But is it just venture capitalist type indices that follow a boom and bust pattern? The CDNX is made up of roughly 50 percent junior mining ventures. In the bust phase, it is not unusual for many of them to fall 90 percent or more. Boom and bust is a pattern quite familiar with markets. A long period of boom is often followed by a vicious bust. The Grand Daddy of them all in the past century was the “Roaring Twenties” stock market boom that saw the Dow Jones Industrials (DJI) gain 345 percent 1923–1929. It was followed by an 89 percent bust from 1929–1932. It was the period of the Great Depression.

We haven’t been immune to boom and bust since then. The post-war boom of 1949–1966 saw the DJI rise 515 percent. The bust followed in 1966–1974 and the DJI fell 42 percent. Other markets fell even more. Gold soared 766 percent 1976–1980, then fell 68 percent 1980–1985. The Tokyo Nikkei Dow (TKN) soared 462 percent 1982–1990, only to fall into a long slump. From 1990–2003 the TKN fell 80 percent. The TKN is still down 44 percent from its all-time high in 1990 twenty-eight years later.

From 1999–2008, WTI oil was up an astounding 1,283 percent. When the crash came, WTI oil fell 77 percent in a matter of months from July 2008–February 2009. From 1990–2000 the high-tech/Internet boom was underway and the NASDAQ rose an incredible 1,489 percent. The crash saw it lose 78 percent from 2000–2002. Many companies just disappeared. Finally, the DJI ran up 97 percent from 2002–2007. The financial crash of 2007–2009 saw the DJI fall 54 percent. More recently saw Bitcoin rise 292 thousand percent 2010-2017 to be followed by a crash of over 70 percent. Many cryptos fell 90 percent or more and many just disappeared. Bitcoin is, however, still up over 105,000 percent from its humbling beginnings.

So, there should be no complacency with the current bull market that has seen the DJI rise 317 percent from 2009–2018. History tells us that, when it ends, it most likely will end badly. The major systemic risk is debt. Since the financial crash of 2008, the world has accumulated a massive amount of debt, estimated now to be about $250 trillion. That’s almost $100 trillion higher than it was back in 2007 at the beginning of the financial crisis. Never in history has so much debt accumulated in such a short period of time. It doesn’t matter whether it is government, corporations, or consumers. They have all been on a debt binge. Debt is an illusion of wealth. As long as the stock markets or housing prices are rising we believe we are wealthy.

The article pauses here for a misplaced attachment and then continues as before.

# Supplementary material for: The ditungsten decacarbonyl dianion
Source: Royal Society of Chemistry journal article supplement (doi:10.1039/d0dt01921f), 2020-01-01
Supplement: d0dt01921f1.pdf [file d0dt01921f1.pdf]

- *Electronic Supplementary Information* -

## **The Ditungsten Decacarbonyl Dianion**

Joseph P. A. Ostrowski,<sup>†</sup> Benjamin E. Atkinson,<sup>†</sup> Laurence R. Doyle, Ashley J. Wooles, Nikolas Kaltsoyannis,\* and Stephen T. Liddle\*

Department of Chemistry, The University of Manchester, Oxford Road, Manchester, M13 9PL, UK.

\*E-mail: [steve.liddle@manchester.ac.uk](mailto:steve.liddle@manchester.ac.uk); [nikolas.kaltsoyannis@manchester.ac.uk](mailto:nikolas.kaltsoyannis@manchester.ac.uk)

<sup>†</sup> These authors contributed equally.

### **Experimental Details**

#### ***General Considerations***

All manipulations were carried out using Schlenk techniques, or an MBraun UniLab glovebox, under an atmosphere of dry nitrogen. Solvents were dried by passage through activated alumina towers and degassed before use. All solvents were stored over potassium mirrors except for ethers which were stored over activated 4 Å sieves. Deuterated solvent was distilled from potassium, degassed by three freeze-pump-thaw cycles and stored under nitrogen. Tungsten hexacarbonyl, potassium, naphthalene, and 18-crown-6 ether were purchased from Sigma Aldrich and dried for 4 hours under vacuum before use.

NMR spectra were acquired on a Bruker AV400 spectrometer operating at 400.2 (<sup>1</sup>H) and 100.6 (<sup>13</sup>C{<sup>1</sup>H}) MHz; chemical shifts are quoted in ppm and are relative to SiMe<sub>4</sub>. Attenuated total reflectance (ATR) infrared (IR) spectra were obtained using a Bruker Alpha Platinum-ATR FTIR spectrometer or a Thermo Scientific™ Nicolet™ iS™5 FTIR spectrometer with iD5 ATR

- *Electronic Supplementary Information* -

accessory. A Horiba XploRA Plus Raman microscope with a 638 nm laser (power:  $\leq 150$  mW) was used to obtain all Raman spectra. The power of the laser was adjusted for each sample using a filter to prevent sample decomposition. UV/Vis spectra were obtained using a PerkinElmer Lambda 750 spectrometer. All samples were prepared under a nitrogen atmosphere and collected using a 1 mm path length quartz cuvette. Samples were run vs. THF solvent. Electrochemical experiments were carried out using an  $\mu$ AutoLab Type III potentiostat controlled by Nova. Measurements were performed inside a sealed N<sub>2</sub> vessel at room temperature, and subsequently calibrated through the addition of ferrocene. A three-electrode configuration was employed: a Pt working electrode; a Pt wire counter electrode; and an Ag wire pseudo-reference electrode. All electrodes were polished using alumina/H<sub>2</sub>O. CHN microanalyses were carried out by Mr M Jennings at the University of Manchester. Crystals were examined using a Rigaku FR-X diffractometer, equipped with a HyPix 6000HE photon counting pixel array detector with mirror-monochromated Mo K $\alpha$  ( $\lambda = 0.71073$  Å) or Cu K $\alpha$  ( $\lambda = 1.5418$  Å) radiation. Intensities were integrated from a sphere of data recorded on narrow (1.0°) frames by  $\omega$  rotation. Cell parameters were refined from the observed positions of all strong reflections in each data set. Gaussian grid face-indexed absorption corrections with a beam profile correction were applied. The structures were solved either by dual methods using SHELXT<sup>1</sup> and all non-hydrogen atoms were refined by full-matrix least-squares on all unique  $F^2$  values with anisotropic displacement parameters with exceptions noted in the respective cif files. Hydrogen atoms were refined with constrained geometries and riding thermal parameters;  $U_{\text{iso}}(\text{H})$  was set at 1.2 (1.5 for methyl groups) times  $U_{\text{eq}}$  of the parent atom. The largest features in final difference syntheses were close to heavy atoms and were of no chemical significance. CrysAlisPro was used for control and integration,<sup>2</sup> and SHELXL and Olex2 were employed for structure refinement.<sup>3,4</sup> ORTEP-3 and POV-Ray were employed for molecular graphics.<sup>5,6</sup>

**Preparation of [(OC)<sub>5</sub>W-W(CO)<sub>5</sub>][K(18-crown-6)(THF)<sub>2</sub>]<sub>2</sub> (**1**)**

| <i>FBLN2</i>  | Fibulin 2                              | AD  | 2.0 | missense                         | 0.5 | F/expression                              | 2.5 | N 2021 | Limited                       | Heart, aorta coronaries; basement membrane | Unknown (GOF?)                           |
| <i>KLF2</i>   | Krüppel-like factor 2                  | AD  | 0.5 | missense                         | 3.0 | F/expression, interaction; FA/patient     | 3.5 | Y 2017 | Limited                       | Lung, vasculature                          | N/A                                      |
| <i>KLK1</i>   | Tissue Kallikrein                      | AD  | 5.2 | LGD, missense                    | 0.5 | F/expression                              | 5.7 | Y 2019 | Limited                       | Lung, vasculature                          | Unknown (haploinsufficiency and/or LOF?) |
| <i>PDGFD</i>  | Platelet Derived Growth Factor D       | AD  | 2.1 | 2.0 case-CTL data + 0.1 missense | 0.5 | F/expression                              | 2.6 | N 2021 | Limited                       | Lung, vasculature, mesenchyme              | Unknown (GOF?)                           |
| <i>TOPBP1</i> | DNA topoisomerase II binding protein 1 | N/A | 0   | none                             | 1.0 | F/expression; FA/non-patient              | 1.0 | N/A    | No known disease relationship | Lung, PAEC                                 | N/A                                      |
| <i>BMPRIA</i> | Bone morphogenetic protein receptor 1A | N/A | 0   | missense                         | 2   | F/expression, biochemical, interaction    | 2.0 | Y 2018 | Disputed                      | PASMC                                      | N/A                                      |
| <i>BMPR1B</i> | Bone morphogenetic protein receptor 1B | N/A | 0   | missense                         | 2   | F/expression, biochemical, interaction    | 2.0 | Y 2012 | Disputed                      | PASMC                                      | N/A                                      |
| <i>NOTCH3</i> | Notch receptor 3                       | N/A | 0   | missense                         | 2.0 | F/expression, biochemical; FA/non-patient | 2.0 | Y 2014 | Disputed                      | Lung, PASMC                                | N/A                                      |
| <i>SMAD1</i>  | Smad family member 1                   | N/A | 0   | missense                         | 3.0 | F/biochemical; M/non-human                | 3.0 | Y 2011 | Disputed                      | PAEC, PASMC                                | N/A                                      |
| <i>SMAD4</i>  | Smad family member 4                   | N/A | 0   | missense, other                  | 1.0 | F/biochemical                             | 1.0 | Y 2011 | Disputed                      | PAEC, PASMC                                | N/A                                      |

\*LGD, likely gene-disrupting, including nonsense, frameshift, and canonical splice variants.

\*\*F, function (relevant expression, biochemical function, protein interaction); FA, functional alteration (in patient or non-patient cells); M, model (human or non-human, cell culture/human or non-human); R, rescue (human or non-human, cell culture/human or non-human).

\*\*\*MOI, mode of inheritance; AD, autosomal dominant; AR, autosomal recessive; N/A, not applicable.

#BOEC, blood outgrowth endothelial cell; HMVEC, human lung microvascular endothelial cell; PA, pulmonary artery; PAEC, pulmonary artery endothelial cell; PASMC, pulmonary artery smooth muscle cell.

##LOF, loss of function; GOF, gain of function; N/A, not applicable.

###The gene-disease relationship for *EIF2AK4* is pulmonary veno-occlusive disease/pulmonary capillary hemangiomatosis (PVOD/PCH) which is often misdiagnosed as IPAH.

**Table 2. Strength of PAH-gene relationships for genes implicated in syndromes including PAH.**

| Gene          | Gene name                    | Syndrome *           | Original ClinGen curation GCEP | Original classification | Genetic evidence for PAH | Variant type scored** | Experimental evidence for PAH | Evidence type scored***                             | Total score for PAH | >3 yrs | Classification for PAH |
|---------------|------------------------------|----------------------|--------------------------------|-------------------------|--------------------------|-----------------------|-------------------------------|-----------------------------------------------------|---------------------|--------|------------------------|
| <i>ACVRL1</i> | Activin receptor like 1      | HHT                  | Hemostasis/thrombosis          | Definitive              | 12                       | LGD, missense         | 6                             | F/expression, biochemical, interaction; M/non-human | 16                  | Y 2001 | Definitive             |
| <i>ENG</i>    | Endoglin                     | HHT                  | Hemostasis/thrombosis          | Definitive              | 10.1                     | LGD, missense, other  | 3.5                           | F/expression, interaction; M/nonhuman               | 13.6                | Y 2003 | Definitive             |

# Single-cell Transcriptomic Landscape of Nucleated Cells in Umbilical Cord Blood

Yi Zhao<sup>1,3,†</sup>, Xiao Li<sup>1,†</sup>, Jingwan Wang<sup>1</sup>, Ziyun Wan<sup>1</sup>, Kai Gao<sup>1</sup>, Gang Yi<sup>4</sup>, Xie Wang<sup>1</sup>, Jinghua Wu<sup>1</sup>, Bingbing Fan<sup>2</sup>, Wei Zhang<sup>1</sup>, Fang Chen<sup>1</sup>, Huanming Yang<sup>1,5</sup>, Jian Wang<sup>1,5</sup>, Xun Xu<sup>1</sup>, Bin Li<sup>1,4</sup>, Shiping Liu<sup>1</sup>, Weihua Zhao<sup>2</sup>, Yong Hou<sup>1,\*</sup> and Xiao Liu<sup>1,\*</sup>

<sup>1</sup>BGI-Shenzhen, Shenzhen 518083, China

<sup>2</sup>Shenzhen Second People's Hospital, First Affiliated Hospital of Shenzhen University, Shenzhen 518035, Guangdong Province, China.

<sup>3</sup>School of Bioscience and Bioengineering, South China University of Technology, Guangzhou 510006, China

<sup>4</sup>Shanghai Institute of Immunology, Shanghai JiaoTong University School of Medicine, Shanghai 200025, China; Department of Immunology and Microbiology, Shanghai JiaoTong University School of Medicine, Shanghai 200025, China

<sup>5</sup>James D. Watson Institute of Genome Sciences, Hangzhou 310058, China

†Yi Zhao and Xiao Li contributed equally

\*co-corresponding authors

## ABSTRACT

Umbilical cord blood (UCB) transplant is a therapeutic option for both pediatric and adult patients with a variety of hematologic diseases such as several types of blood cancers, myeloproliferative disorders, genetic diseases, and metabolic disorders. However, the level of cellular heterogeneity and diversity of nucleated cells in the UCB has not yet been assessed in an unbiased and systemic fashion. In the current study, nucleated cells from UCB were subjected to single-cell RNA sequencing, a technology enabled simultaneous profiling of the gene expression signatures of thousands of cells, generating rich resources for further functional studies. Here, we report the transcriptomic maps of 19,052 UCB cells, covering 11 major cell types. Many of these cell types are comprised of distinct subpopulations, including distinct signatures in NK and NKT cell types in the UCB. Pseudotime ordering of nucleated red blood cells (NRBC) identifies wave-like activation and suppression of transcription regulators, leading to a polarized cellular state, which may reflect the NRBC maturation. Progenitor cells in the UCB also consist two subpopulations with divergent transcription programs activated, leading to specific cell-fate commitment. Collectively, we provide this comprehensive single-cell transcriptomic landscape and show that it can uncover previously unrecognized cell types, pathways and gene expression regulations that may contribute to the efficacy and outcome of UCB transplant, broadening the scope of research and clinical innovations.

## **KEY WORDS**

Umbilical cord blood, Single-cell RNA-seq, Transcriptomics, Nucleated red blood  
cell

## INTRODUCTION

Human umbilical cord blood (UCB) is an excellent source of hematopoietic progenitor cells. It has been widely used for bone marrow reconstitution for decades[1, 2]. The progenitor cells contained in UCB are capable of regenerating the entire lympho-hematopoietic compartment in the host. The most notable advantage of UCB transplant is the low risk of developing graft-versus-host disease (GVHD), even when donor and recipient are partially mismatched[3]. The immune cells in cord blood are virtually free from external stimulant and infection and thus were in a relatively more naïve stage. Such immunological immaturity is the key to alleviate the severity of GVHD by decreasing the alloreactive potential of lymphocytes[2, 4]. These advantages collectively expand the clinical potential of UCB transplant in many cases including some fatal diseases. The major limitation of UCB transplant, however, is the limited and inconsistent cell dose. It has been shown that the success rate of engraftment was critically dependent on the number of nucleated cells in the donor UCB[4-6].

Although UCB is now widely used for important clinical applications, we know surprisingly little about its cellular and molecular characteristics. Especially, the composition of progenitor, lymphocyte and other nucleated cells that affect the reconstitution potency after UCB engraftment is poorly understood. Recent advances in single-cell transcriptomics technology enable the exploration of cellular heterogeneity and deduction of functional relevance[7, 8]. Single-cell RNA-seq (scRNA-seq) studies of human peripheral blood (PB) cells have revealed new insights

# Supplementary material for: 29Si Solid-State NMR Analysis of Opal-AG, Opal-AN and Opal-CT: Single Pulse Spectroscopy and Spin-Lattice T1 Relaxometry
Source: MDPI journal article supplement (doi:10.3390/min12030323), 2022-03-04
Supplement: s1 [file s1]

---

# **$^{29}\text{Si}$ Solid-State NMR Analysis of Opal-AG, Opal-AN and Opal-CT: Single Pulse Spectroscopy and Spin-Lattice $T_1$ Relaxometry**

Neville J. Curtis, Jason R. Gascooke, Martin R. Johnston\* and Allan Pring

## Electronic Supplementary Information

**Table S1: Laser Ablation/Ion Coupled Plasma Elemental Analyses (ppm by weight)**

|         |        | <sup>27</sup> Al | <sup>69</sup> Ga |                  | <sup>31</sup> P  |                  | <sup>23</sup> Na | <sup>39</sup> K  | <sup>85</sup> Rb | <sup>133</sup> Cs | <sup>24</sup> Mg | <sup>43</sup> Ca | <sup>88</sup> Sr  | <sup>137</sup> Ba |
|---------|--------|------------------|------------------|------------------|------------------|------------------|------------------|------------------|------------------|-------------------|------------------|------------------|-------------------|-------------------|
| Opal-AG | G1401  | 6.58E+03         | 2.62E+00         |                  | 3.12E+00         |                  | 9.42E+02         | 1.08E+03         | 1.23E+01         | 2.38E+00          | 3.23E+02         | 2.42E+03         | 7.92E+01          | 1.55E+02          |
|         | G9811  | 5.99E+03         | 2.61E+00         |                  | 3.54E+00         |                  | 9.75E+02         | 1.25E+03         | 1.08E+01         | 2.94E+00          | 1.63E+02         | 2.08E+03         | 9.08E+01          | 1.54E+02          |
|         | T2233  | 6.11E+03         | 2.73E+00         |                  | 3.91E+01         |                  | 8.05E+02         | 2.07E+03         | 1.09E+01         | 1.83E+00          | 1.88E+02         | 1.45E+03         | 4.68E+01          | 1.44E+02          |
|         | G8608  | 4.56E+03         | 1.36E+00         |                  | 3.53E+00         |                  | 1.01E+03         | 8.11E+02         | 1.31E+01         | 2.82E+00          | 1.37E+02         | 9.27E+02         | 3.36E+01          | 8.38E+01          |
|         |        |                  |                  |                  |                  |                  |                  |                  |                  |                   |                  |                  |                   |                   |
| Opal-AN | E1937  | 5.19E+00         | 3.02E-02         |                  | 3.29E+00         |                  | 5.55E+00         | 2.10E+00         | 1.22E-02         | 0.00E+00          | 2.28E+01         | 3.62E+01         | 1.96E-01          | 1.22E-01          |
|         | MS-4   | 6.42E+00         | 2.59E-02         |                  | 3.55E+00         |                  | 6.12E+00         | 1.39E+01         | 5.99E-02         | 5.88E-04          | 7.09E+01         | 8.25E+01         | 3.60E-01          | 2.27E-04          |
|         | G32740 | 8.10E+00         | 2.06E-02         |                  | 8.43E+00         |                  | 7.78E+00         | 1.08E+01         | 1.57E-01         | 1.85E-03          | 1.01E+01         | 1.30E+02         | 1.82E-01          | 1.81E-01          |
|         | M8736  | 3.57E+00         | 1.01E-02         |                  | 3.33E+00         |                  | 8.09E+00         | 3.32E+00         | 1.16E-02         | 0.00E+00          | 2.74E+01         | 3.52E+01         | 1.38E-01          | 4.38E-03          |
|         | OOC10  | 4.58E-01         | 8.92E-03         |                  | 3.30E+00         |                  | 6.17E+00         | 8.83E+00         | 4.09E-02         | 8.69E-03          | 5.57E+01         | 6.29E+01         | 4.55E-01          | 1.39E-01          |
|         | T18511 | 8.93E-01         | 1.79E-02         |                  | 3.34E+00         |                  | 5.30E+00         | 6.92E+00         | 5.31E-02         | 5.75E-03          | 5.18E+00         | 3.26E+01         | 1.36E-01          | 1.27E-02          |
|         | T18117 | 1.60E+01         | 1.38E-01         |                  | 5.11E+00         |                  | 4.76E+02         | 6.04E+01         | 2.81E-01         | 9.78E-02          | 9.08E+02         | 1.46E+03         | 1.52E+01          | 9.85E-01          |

© David Chapman

© David Chapman

Possibly nothing illustrates the massive debt growth better than examining margin debt on the NYSE. The chart below examines margin debt in a larger context. It includes free cash accounts and credit balances in margin accounts. The credit balance is the sum of free credit cash accounts and credit balances in margin accounts minus margin debt. It overlays with the S&P 500. The chart is nominal and not adjusted for inflation. What it shows is that the negative credit balance has never been so huge. Not only does it pale where it was before the 2000–2002 high-tech/ crash, but the level seen before the financial crash of 2008 seems puny compared to now. Debt has fueled the rise of the stock market. When the markets shift to down from up, leverage can be deadly.

The data here only goes until the end of September 2018. It will be interesting to see the October numbers, given the drop in the stock market this past month. Nonetheless, the extremes seen here bear close watching.

© David Chapman

None of this is to suggest that markets are about to crash. A plethora of stories in the mainstream papers is probably a sign that the market may have bottomed for this phase. There are numerous stories on the internet coming from the Marc Faber’s and others constantly preaching that doom and gloom lie just around the corner. Eventually, they could be right. But, as Martin Zweig said, “Don’t fight the Fed.” For years, the Fed held interest rates near zero and flooded the financial system with liquidity through quantitative easing. Now they are raising interest rates, and typically the Fed starts too late and hikes them too high.